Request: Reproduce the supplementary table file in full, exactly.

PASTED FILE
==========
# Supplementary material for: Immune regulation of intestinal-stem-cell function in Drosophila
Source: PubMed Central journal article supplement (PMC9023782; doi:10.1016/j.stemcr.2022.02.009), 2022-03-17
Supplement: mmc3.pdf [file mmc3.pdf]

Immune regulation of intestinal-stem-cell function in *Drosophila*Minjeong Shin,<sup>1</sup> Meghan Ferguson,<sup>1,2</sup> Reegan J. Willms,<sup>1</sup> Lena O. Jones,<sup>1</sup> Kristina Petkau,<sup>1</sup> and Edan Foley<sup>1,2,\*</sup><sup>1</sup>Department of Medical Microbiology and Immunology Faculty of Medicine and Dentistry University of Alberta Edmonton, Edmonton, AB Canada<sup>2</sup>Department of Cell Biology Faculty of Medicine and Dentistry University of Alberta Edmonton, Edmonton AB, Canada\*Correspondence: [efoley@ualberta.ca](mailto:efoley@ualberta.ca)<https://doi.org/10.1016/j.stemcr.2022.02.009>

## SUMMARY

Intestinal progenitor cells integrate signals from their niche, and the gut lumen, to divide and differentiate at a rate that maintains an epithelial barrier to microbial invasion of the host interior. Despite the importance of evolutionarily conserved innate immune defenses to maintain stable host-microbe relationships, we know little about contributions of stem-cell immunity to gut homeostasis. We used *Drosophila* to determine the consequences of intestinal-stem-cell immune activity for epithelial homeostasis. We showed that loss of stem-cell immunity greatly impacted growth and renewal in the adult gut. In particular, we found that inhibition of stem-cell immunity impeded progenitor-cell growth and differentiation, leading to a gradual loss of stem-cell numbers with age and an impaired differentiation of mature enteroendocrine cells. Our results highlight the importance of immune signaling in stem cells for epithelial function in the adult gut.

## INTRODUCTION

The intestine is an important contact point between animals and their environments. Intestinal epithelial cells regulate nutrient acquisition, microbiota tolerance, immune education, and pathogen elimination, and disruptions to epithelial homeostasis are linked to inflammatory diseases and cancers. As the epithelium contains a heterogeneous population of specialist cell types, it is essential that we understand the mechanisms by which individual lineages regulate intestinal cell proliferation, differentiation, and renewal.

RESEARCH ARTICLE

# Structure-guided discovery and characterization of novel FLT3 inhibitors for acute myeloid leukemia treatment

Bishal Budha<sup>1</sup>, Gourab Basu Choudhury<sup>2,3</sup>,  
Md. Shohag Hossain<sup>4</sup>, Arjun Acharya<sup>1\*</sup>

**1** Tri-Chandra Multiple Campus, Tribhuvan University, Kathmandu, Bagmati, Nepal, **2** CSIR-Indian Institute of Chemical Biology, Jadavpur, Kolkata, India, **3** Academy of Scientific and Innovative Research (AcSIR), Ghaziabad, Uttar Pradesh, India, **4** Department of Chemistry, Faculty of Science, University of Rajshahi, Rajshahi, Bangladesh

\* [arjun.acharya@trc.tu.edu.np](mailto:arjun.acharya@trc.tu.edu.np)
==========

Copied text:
# Supplementary material for: Immune regulation of intestinal-stem-cell function in Drosophila
Source: PubMed Central journal article supplement (PMC9023782; doi:10.1016/j.stemcr.2022.02.009), 2022-03-17
Supplement: mmc3.pdf [file mmc3.pdf]

Immune regulation of intestinal-stem-cell function in *Drosophila*Minjeong Shin,<sup>1</sup> Meghan Ferguson,<sup>1,2</sup> Reegan J. Willms,<sup>1</sup> Lena O. Jones,<sup>1</sup> Kristina Petkau,<sup>1</sup> and Edan Foley<sup>1,2,\*</sup><sup>1</sup>Department of Medical Microbiology and Immunology Faculty of Medicine and Dentistry University of Alberta Edmonton, Edmonton, AB Canada<sup>2</sup>Department of Cell Biology Faculty of Medicine and Dentistry University of Alberta Edmonton, Edmonton AB, Canada\*Correspondence: [efoley@ualberta.ca](mailto:efoley@ualberta.ca)<https://doi.org/10.1016/j.stemcr.2022.02.009>

## SUMMARY

Intestinal progenitor cells integrate signals from their niche, and the gut lumen, to divide and differentiate at a rate that maintains an epithelial barrier to microbial invasion of the host interior. Despite the importance of evolutionarily conserved innate immune defenses to maintain stable host-microbe relationships, we know little about contributions of stem-cell immunity to gut homeostasis. We used *Drosophila* to determine the consequences of intestinal-stem-cell immune activity for epithelial homeostasis. We showed that loss of stem-cell immunity greatly impacted growth and renewal in the adult gut. In particular, we found that inhibition of stem-cell immunity impeded progenitor-cell growth and differentiation, leading to a gradual loss of stem-cell numbers with age and an impaired differentiation of mature enteroendocrine cells. Our results highlight the importance of immune signaling in stem cells for epithelial function in the adult gut.

## INTRODUCTION

The intestine is an important contact point between animals and their environments. Intestinal epithelial cells regulate nutrient acquisition, microbiota tolerance, immune education, and pathogen elimination, and disruptions to epithelial homeostasis are linked to inflammatory diseases and cancers. As the epithelium contains a heterogeneous population of specialist cell types, it is essential that we understand the mechanisms by which individual lineages regulate intestinal cell proliferation, differentiation, and renewal.

RESEARCH ARTICLE

# Structure-guided discovery and characterization of novel FLT3 inhibitors for acute myeloid leukemia treatment

Bishal Budha<sup>1</sup>, Gourab Basu Choudhury<sup>2,3</sup>,  
Md. Shohag Hossain<sup>4</sup>, Arjun Acharya<sup>1\*</sup>

**1** Tri-Chandra Multiple Campus, Tribhuvan University, Kathmandu, Bagmati, Nepal, **2** CSIR-Indian Institute of Chemical Biology, Jadavpur, Kolkata, India, **3** Academy of Scientific and Innovative Research (AcSIR), Ghaziabad, Uttar Pradesh, India, **4** Department of Chemistry, Faculty of Science, University of Rajshahi, Rajshahi, Bangladesh

\* [arjun.acharya@trc.tu.edu.np](mailto:arjun.acharya@trc.tu.edu.np)